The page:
To acquire wisdom, one must observe

Contemporary and classic concert mediates between the clarinet, flute and piano

This past Sunday, Oct. 18, as part of Brandeis University’s 2015-2016 Concert Series, flautist Jill Dreeben, clarinetist Todd Brunel and pianist Elizabeth Skavish took center stage with their performance, “Contemporary with Classic: Music with Flute, Clarinet and Piano.” The night brought many surprises, including two premier pieces, and an energetic group of artists that would be sure to excite any audience.

The concert kicked off with McDonald’s premier piece, “Three Sketchbook Items.” McDonald, a professor of music at Tufts University, presented the three pieces as a set because of their contrasting styles and proximity within his sketchbook, hence the piece’s title. This show-opening piece displayed the diversity of the performer’s skills, employing techniques that ranged from the standard trill to flutter-tongue, as well as exemplifying their wide range of pitch. Like the majority of the pieces that night, a fair portion of the music was centered around atonality, and was vaguely reminiscent of Schoenberg’s 12-tone technique, adding to the overall sense of surrealism of the piece.

The second and last premier of the night was film composer John Kusiak’s, “Film Noir for Flute, Clarinet and Piano.” Unlike the opener, this piece’s tonality centered around the keys of E minor and E major, which, to Kusiak, evokes the color black. “Although I don’t have true synesthesia, in the case of E chords and keys (along with a few others), I’ve always had a definite color association,” he said. Kusiak incorporated many stylistic elements from his film scores into this piece. However, he remarked that he did not intend to emulate any specific film noir music, but rather stated that “the darkness in the piece is evocative of the genre.” The haunting ostinatos of the song surely added to the envisioned darkness of the piece.

The final song of the first half of the performance brought in the “classic” aspect of concert with Sergei Prokofiev’s “Sonata No. 2 Op. 94.” This four-movement piece starred Dreeben, who also happens to teach private flute lessons here at Brandeis, accompanied by Skavish on the piano. The piece explored a wide range of tempos from andante to allegro con brio, and even expressed Dreeben’s excellent use and control of the various timbres of sound that can be produced with the flute.

After intermission, there was yet another solo titled, “Child’s Play,” exclusively starring Dreeben. Toronto-native composer John Armstrong, a close friend, had written this piece. He stated that he wrote the five-movement piece for Dreeben in order to “explore the various shades of innocence evoked by children, and, at the same time, explore the capabilities of the solo flute,” as she was expecting her first child, Simon. “This piece was written 23 years ago for my son,” Dreeben said as she introduced the piece, “and I’m playing it tonight in his honor.” The piece then goes on to emulate aspects of childhood through movements with names such as “First Steps,” “Curious” and “Mischievous.” As a direct result of Armstrong’s attempt to demonstrate the true range and diversity of the flute, this piece acted as a culmination of various techniques presented throughout the night, most notably Dreeben’s ability to bend the notes, and her use of a contemporary technique of whisper or whistle-tones.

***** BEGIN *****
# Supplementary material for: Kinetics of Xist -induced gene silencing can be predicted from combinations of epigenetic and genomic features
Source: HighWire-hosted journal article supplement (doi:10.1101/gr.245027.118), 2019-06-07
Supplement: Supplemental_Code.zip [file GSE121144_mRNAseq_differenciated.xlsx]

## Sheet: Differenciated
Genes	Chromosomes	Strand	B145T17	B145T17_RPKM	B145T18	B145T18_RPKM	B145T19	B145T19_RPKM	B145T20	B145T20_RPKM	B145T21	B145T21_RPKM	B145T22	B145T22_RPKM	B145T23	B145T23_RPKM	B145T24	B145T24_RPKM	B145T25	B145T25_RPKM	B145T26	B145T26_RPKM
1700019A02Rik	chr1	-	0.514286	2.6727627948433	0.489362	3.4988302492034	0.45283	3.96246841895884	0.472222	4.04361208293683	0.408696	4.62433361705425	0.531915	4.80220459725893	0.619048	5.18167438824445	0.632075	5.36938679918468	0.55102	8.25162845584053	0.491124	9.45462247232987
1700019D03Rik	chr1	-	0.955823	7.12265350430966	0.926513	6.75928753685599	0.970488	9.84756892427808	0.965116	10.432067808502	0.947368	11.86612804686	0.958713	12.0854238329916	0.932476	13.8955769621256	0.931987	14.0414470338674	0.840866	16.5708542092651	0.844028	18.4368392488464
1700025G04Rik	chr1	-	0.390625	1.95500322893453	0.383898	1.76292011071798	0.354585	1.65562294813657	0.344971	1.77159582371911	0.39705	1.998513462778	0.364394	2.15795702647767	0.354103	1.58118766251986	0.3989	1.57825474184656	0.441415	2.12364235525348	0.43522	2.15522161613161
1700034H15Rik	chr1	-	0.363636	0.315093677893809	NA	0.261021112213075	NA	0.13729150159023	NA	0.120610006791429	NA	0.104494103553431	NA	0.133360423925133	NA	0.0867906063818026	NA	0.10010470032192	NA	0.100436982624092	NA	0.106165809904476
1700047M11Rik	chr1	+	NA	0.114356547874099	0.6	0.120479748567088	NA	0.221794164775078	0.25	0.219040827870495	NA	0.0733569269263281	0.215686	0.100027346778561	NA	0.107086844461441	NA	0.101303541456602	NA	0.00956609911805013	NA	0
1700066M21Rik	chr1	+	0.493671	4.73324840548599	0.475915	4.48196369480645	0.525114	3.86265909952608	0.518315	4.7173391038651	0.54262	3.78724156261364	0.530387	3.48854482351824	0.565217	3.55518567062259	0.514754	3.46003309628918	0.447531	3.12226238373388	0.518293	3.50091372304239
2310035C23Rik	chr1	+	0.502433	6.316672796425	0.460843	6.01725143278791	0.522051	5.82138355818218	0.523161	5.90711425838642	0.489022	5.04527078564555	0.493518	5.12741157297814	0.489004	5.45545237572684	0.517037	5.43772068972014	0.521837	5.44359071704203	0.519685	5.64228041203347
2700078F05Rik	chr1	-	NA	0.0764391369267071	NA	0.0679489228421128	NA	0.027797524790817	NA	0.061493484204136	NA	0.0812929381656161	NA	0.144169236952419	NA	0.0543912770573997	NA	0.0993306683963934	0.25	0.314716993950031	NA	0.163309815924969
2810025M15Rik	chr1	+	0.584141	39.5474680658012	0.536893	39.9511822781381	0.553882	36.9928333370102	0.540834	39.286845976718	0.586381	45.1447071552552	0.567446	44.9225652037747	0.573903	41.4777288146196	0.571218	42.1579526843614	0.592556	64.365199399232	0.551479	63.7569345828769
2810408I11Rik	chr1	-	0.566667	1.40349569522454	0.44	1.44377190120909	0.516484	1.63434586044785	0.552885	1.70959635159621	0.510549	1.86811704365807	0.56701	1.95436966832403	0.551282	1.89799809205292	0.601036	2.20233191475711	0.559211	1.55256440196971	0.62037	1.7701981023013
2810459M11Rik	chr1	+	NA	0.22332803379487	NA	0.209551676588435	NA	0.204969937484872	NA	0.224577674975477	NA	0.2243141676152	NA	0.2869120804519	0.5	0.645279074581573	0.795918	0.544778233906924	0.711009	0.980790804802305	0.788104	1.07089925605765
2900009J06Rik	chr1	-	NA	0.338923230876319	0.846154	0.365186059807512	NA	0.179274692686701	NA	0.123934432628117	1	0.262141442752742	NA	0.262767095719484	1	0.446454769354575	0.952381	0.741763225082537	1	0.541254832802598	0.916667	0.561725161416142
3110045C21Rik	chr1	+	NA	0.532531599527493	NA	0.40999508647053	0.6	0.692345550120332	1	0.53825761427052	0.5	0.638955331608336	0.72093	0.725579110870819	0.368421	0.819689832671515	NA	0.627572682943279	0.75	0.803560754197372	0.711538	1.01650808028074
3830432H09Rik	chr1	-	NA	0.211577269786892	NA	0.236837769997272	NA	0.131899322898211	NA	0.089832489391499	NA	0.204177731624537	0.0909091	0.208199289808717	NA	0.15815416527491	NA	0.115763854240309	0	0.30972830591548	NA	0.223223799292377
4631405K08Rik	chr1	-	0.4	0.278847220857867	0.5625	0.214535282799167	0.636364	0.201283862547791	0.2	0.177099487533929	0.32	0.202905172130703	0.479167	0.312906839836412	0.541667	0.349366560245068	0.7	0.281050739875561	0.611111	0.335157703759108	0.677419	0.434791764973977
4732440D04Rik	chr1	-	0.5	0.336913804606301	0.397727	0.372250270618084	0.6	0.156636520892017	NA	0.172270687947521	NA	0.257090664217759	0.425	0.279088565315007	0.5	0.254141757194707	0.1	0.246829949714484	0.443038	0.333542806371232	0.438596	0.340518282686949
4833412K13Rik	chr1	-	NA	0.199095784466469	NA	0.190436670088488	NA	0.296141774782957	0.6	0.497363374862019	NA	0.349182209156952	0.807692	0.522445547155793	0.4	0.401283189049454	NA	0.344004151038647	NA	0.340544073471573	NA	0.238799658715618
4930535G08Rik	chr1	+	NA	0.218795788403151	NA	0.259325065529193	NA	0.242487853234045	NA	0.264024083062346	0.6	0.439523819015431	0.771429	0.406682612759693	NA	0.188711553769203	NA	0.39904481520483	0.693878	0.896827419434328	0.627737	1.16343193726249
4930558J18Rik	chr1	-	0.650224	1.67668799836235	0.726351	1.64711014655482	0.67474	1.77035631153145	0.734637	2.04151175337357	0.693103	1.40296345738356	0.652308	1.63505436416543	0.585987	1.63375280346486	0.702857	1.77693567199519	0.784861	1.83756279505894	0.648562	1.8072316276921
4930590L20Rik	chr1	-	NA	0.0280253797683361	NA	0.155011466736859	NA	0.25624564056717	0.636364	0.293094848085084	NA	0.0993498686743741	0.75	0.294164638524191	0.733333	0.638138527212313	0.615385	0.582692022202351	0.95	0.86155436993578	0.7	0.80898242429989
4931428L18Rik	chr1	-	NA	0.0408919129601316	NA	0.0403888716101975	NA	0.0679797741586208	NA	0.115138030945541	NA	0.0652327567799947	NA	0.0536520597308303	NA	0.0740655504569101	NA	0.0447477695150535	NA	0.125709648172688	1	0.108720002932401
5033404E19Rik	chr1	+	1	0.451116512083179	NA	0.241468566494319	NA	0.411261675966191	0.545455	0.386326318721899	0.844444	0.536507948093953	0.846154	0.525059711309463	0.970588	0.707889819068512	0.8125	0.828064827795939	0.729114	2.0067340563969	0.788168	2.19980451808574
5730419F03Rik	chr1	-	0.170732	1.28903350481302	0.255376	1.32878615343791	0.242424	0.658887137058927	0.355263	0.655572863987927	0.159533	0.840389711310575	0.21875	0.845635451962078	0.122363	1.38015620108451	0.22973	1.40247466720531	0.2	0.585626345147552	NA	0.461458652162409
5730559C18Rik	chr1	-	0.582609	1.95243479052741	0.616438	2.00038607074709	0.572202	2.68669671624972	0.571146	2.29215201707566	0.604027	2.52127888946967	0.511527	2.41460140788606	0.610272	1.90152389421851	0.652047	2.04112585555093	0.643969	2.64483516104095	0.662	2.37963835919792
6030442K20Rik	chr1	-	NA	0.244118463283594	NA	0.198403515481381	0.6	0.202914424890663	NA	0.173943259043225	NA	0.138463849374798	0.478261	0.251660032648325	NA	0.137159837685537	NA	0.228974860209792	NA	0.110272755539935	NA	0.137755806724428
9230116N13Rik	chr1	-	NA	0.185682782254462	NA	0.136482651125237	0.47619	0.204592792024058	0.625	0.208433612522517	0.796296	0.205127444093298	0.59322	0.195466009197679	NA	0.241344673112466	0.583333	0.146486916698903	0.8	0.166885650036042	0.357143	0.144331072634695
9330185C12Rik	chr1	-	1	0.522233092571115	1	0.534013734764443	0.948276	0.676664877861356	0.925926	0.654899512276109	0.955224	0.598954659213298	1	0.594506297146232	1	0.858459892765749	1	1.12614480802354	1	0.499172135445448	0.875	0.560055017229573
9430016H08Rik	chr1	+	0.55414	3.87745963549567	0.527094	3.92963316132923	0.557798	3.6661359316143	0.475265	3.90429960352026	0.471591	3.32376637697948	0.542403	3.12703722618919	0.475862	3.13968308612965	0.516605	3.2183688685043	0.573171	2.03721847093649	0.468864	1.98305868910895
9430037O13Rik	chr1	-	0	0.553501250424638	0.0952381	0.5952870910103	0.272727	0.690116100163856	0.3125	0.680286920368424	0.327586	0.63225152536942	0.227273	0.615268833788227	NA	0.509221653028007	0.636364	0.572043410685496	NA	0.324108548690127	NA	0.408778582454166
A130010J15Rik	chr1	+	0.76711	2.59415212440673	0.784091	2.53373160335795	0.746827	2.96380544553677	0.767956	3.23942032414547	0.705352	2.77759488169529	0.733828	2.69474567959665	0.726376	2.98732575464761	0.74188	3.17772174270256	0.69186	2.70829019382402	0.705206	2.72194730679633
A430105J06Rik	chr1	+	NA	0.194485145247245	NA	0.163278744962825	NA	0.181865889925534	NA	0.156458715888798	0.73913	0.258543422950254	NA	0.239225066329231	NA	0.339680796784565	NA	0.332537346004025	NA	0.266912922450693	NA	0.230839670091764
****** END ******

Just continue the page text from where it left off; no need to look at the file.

The last piece of the night was “Barn Dances,” written by one of America’s most-performed living composers, Libby Larsen. A series of four abstract compositions, each drawing its name from a dance step used in cowboy dances, “Barn Dances” was by far the most diverse and entertaining piece of the night. With energetic, fluid and semi-atonal allegretto all in one movement, transitioning to a slow, melodic waltz in another, it was the perfect way to end the performance. The most appealing movement of the four, however, was titled “Divide the Ring,” and features themes of a genre that Larsen refers to as “Cowboy Swing.” The piece opened up with a Scott Joplin-esque piano, and continued to flip-flop between the abstract and ragtime genres, until, eventually ending in the traditional E7, A7, D7, C blues, chord progression.

Though it provided more “contemporary” than “classic,” Sunday’s performance was nothing short of musicianship at its finest. Coming up next in the 2015-2016 Concert Series is the “Eric Chasalow 60th Birthday Birthday Concert,” featuring leading presenters of chamber music, Dinosaur Annex Music Ensemble. This event will be taking place this upcoming Saturday, Oct. 24, in Slosberg Recital Hall.

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